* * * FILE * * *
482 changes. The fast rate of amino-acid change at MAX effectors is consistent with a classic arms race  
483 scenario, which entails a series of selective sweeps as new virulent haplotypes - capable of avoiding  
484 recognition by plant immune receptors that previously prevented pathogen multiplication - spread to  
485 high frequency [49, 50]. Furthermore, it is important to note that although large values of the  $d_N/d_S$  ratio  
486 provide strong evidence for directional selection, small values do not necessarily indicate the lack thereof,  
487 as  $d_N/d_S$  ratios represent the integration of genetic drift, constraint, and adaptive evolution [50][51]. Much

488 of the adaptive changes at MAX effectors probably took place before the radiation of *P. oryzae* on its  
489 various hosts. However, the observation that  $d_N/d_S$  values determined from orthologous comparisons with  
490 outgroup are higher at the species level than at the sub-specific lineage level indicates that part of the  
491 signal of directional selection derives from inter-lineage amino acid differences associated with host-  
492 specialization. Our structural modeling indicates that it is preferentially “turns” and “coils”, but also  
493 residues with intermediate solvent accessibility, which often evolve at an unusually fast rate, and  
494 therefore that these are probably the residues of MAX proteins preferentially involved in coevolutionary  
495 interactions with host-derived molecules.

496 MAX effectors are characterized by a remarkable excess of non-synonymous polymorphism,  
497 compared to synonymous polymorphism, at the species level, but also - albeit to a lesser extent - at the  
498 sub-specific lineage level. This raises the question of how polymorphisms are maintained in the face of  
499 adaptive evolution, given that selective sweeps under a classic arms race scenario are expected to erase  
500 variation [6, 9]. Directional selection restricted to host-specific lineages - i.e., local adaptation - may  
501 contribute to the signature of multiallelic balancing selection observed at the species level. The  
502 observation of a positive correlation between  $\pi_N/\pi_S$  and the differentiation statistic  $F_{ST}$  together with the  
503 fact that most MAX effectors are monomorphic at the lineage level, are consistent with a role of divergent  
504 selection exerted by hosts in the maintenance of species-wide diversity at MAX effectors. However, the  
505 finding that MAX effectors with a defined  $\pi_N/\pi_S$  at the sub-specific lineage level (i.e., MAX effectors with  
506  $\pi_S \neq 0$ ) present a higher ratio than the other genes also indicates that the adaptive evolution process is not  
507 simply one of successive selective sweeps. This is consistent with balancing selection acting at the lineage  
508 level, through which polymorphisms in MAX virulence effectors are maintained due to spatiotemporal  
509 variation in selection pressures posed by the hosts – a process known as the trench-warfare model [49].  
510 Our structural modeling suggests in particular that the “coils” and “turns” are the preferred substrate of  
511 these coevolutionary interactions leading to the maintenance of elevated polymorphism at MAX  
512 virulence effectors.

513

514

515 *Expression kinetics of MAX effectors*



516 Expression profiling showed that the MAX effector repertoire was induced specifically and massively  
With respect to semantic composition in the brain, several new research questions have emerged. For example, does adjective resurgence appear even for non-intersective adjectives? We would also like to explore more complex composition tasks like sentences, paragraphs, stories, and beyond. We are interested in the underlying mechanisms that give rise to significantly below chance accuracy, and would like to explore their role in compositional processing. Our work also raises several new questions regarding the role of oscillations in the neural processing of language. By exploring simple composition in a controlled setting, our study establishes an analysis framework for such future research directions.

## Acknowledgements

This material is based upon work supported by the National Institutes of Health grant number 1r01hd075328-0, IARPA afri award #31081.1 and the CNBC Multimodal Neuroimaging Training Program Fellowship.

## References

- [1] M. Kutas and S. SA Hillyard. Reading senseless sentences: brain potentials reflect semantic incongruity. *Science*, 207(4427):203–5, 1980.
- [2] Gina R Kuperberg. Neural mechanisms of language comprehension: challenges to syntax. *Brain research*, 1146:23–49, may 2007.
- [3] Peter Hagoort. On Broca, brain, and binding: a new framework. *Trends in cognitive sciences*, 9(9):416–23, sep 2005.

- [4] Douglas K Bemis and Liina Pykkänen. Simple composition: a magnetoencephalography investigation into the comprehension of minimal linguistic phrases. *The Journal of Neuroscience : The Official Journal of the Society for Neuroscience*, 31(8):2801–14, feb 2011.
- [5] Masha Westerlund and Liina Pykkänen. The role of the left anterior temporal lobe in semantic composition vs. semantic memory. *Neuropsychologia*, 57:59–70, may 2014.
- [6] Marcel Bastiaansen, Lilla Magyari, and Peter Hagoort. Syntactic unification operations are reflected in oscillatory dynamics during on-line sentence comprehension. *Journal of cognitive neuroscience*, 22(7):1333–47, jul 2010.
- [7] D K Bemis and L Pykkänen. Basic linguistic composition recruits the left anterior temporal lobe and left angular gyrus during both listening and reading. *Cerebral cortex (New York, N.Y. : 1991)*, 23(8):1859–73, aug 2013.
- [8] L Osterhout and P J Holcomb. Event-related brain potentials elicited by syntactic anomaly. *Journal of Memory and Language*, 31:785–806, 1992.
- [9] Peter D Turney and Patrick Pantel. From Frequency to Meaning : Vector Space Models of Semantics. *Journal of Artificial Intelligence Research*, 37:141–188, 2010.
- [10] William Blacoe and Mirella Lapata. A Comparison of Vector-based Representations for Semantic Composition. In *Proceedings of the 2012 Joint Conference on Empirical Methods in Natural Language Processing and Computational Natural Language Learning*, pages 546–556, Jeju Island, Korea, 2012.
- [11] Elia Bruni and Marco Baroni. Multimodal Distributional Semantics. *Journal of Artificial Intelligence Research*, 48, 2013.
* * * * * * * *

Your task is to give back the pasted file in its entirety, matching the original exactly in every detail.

482 changes. The fast rate of amino-acid change at MAX effectors is consistent with a classic arms race  
483 scenario, which entails a series of selective sweeps as new virulent haplotypes - capable of avoiding  
484 recognition by plant immune receptors that previously prevented pathogen multiplication - spread to  
485 high frequency [49, 50]. Furthermore, it is important to note that although large values of the  $d_N/d_S$  ratio  
486 provide strong evidence for directional selection, small values do not necessarily indicate the lack thereof,  
487 as  $d_N/d_S$  ratios represent the integration of genetic drift, constraint, and adaptive evolution [50][51]. Much

488 of the adaptive changes at MAX effectors probably took place before the radiation of *P. oryzae* on its  
489 various hosts. However, the observation that  $d_N/d_S$  values determined from orthologous comparisons with  
490 outgroup are higher at the species level than at the sub-specific lineage level indicates that part of the  
491 signal of directional selection derives from inter-lineage amino acid differences associated with host-  
492 specialization. Our structural modeling indicates that it is preferentially “turns” and “coils”, but also  
493 residues with intermediate solvent accessibility, which often evolve at an unusually fast rate, and  
494 therefore that these are probably the residues of MAX proteins preferentially involved in coevolutionary  
495 interactions with host-derived molecules.

496 MAX effectors are characterized by a remarkable excess of non-synonymous polymorphism,  
497 compared to synonymous polymorphism, at the species level, but also - albeit to a lesser extent - at the  
498 sub-specific lineage level. This raises the question of how polymorphisms are maintained in the face of  
499 adaptive evolution, given that selective sweeps under a classic arms race scenario are expected to erase  
500 variation [6, 9]. Directional selection restricted to host-specific lineages - i.e., local adaptation - may  
501 contribute to the signature of multiallelic balancing selection observed at the species level. The  
502 observation of a positive correlation between  $\pi_N/\pi_S$  and the differentiation statistic  $F_{ST}$  together with the  
503 fact that most MAX effectors are monomorphic at the lineage level, are consistent with a role of divergent  
504 selection exerted by hosts in the maintenance of species-wide diversity at MAX effectors. However, the  
505 finding that MAX effectors with a defined  $\pi_N/\pi_S$  at the sub-specific lineage level (i.e., MAX effectors with  
506  $\pi_S \neq 0$ ) present a higher ratio than the other genes also indicates that the adaptive evolution process is not  
507 simply one of successive selective sweeps. This is consistent with balancing selection acting at the lineage  
508 level, through which polymorphisms in MAX virulence effectors are maintained due to spatiotemporal  
509 variation in selection pressures posed by the hosts – a process known as the trench-warfare model [49].  
510 Our structural modeling suggests in particular that the “coils” and “turns” are the preferred substrate of  
511 these coevolutionary interactions leading to the maintenance of elevated polymorphism at MAX  
512 virulence effectors.

513

514

515 *Expression kinetics of MAX effectors*



516 Expression profiling showed that the MAX effector repertoire was induced specifically and massively  
With respect to semantic composition in the brain, several new research questions have emerged. For example, does adjective resurgence appear even for non-intersective adjectives? We would also like to explore more complex composition tasks like sentences, paragraphs, stories, and beyond. We are interested in the underlying mechanisms that give rise to significantly below chance accuracy, and would like to explore their role in compositional processing. Our work also raises several new questions regarding the role of oscillations in the neural processing of language. By exploring simple composition in a controlled setting, our study establishes an analysis framework for such future research directions.

## Acknowledgements

This material is based upon work supported by the National Institutes of Health grant number 1r01hd075328-0, IARPA afri award #31081.1 and the CNBC Multimodal Neuroimaging Training Program Fellowship.

## References

- [1] M. Kutas and S. SA Hillyard. Reading senseless sentences: brain potentials reflect semantic incongruity. *Science*, 207(4427):203–5, 1980.
- [2] Gina R Kuperberg. Neural mechanisms of language comprehension: challenges to syntax. *Brain research*, 1146:23–49, may 2007.
- [3] Peter Hagoort. On Broca, brain, and binding: a new framework. *Trends in cognitive sciences*, 9(9):416–23, sep 2005.

- [4] Douglas K Bemis and Liina Pykkänen. Simple composition: a magnetoencephalography investigation into the comprehension of minimal linguistic phrases. *The Journal of Neuroscience : The Official Journal of the Society for Neuroscience*, 31(8):2801–14, feb 2011.
- [5] Masha Westerlund and Liina Pykkänen. The role of the left anterior temporal lobe in semantic composition vs. semantic memory. *Neuropsychologia*, 57:59–70, may 2014.
- [6] Marcel Bastiaansen, Lilla Magyari, and Peter Hagoort. Syntactic unification operations are reflected in oscillatory dynamics during on-line sentence comprehension. *Journal of cognitive neuroscience*, 22(7):1333–47, jul 2010.
- [7] D K Bemis and L Pykkänen. Basic linguistic composition recruits the left anterior temporal lobe and left angular gyrus during both listening and reading. *Cerebral cortex (New York, N.Y. : 1991)*, 23(8):1859–73, aug 2013.
- [8] L Osterhout and P J Holcomb. Event-related brain potentials elicited by syntactic anomaly. *Journal of Memory and Language*, 31:785–806, 1992.
- [9] Peter D Turney and Patrick Pantel. From Frequency to Meaning : Vector Space Models of Semantics. *Journal of Artificial Intelligence Research*, 37:141–188, 2010.
- [10] William Blacoe and Mirella Lapata. A Comparison of Vector-based Representations for Semantic Composition. In *Proceedings of the 2012 Joint Conference on Empirical Methods in Natural Language Processing and Computational Natural Language Learning*, pages 546–556, Jeju Island, Korea, 2012.
- [11] Elia Bruni and Marco Baroni. Multimodal Distributional Semantics. *Journal of Artificial Intelligence Research*, 48, 2013.